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Control of visceral leishmaniasis in East Africa: fragile progress, new threats
  1. Elin Hoffmann Dahl1,
  2. Hamdan Mustafa Hamdan2,
  3. Lexson Mabrouk3,
  4. Sultani Hadley Matendechero4,
  5. Tesfahun Bishaw Mengistie5,
  6. Mousab Siddig Elhag6,
  7. Mounir Lado7,
  8. Cherinet Adera8,
  9. Atia Abdalla Atia9,
  10. Julien Potet10,
  11. Margriet den Boer11,
  12. Koert Ritmeijer12,
  13. Jorge Alvar13,
  14. Fabiana Alves14,
  15. Gabriel Alcoba15
  1. 1Infectious Diseases Medical Advisor, MSF Access Campaign, Médecins Sans Frontières, Geneva, Switzerland
  2. 2Disease Control Directorate Manager, Federal Ministry of Health, Khartoum, Sudan
  3. 3Director Communicable Diseases, Neglected Tropical Diseases, Ministry of Health, Juba, South Sudan
  4. 4Head, Division of Vector Borne and Neglected Tropical Diseases, Ministry of Health, Nairobi, Kenya
  5. 5Neglected Tropical Diseases Team Officer, Diseases Prevention and Control Directorate, Federal Ministry of Health, Addis Ababa, Ethiopia
  6. 6Neglected Tropical Diseases Advisor, Federal Ministry of Health, Khartoum, Sudan
  7. 7Country Director, IMA World Health, Juba, South Sudan
  8. 8Visceral Leishmaniasis Technical Advisor, ASCEND (Accelerating Sustainable Control and Elimination of Neglected Tropical Diseases) / Federal Ministry of Health, Addis Ababa, Ethiopia
  9. 9Country Lead, ASCEND (Accelerating Sustainable Control and Elimination of Neglected Tropical Diseases), Khartoum, Sudan
  10. 10Neglected Diseases Policy Advisor, MSF Access Campaign, Médecins Sans Frontières, Geneva, Switzerland
  11. 11Neglected Tropical Diseases advisor, Médecins Sans Frontières, London, UK
  12. 12Coordinator Neglected Tropical Diseases, Médecins Sans Frontières, Amsterdam, The Netherlands
  13. 13Senior Leishmaniasis Adviser, Drugs for Neglected Diseases Initiative, Geneva, Switzerland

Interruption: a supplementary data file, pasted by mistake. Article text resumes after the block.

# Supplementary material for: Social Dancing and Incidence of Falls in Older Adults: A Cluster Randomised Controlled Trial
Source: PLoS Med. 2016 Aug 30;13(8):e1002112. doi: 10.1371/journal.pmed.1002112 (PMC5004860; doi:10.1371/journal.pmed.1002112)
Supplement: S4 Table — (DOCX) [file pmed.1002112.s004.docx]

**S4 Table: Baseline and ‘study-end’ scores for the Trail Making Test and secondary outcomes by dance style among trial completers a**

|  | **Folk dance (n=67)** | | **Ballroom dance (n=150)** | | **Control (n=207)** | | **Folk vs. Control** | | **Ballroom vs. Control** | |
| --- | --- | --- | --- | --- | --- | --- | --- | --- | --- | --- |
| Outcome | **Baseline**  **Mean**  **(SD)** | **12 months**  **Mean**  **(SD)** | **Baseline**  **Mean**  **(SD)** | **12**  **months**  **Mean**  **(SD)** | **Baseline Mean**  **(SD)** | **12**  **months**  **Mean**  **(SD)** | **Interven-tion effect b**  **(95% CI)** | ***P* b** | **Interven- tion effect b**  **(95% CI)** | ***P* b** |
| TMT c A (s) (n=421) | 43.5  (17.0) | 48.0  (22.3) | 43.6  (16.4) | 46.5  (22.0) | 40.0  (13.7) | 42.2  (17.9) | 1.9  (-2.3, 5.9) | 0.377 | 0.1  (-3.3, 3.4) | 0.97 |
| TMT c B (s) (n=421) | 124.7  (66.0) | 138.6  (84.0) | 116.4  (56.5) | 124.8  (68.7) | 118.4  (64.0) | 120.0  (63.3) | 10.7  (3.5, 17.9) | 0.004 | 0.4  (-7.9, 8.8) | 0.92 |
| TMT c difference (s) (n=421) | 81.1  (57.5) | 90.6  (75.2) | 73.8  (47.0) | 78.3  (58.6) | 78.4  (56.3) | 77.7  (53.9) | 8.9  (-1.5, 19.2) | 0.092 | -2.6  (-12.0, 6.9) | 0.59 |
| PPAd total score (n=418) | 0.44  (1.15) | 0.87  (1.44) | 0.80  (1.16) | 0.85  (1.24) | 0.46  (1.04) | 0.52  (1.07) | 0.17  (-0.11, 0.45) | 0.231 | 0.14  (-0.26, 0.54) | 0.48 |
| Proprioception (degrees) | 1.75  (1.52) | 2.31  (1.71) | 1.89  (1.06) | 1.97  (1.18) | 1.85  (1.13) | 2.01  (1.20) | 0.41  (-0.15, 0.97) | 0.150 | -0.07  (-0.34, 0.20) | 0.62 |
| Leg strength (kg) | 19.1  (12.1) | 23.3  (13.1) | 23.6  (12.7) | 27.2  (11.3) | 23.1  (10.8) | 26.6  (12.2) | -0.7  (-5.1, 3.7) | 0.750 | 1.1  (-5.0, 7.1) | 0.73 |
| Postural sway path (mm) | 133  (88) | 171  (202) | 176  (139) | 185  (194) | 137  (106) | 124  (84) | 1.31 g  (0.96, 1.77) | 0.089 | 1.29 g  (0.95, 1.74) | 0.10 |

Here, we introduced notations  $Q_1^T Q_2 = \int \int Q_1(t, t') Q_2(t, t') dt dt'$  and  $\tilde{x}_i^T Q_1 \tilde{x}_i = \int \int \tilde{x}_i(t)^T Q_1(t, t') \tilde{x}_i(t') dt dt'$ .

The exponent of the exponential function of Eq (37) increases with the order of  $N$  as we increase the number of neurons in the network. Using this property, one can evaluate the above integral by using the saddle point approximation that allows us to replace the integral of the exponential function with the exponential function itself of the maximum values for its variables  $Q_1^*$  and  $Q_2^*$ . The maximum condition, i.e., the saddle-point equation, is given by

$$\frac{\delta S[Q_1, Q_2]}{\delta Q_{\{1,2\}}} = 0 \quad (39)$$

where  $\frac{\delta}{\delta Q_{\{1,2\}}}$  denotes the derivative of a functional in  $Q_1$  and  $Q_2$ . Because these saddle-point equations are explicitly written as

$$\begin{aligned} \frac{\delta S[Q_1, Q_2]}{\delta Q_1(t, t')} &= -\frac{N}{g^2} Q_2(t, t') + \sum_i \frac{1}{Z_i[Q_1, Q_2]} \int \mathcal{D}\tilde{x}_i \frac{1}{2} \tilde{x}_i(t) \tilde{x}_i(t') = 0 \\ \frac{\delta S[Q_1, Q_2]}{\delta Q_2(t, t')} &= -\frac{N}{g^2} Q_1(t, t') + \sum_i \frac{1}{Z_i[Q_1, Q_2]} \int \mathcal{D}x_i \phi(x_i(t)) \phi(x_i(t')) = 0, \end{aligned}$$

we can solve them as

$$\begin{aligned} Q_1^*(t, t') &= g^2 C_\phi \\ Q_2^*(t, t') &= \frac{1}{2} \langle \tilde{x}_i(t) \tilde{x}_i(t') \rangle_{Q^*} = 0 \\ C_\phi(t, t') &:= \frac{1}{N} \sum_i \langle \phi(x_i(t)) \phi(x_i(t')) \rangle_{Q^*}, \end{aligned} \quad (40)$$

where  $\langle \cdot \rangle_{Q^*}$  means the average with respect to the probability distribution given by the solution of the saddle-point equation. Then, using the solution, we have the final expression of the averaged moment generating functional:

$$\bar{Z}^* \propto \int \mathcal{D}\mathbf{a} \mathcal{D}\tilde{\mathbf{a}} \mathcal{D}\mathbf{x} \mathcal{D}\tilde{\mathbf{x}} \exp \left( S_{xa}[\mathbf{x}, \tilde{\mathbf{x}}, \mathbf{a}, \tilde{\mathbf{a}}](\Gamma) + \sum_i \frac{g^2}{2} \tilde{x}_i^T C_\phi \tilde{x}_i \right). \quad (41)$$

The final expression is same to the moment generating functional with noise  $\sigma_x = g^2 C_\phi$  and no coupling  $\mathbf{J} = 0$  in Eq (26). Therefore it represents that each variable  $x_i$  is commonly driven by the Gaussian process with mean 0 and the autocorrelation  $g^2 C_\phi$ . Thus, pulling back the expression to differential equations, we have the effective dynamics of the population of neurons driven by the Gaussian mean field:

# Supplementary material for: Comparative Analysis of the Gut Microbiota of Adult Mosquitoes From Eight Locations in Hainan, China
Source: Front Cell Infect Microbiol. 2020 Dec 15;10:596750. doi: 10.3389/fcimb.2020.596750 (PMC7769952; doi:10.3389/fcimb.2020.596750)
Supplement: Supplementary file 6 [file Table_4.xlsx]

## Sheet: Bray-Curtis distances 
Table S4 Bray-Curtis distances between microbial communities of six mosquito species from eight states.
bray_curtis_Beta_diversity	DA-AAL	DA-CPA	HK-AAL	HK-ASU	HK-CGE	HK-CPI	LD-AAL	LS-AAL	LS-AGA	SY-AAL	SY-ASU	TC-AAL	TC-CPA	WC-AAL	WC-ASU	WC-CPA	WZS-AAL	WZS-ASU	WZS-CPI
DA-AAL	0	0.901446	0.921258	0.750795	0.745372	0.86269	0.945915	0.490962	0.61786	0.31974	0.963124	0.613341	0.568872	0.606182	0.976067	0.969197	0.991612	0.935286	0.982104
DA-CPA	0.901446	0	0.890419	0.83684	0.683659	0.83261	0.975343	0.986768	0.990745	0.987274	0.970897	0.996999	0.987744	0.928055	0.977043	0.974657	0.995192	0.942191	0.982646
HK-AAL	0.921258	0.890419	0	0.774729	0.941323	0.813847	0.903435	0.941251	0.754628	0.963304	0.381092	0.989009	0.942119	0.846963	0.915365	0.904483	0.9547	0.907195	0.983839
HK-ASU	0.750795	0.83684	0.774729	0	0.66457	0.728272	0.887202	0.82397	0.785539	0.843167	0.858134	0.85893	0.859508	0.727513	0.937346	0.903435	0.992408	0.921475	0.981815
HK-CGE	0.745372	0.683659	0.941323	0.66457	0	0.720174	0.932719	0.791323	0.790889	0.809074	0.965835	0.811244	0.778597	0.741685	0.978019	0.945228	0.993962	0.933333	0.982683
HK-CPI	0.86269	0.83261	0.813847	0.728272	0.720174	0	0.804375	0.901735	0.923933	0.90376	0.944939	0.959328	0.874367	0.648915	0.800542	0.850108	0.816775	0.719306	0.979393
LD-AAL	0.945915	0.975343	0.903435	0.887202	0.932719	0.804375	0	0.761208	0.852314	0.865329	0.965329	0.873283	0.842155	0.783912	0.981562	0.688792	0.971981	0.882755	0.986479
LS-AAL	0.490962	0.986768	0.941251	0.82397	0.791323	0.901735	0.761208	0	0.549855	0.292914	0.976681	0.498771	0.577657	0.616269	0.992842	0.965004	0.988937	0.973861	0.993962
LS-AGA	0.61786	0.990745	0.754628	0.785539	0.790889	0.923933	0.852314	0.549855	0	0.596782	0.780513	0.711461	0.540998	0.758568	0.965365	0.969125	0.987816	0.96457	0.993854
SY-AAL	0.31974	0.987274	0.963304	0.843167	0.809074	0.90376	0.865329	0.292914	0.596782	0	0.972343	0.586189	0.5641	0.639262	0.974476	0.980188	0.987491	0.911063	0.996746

14. 14Head of Visceral Leishmaniasis Disease, Drugs for Neglected Diseases initiative, Geneva, Switzerland
  15. 15Leader of Neglected Tropical Diseases Working Group, Médecins Sans Frontières, Geneva, Switzerland
  1. Correspondence to Dr Elin Hoffmann Dahl; elin-hoffmann.dahl{at}oslo.msf.org

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Summary box

  • Significant progress has been made in reducing the global burden of visceral leishmaniasis, but new threats are on the horizon.

  • Funding for elimination of visceral leishmaniasis programmes will be reduced through cuts in the UK’s overseas aid budget.

  • Thousands of cases may go undetected in East Africa as a result of Bio-Rad Laboratories’ planned discontinuation of production of the only effective rapid test.

  • A global shortage of AmBisome, a first-line treatment produced by Gilead, is looming due to COVID-19-related demand for the drug.

  • The achievement of both the WHO neglected tropical diseases road map for visceral leishmaniasis by 2030 and Sustainable Development Goal 3.3 could be jeopardised.

  • The UK government, Bio-Rad and Gilead must honour their commitments in order to avoid undermining decades of progress.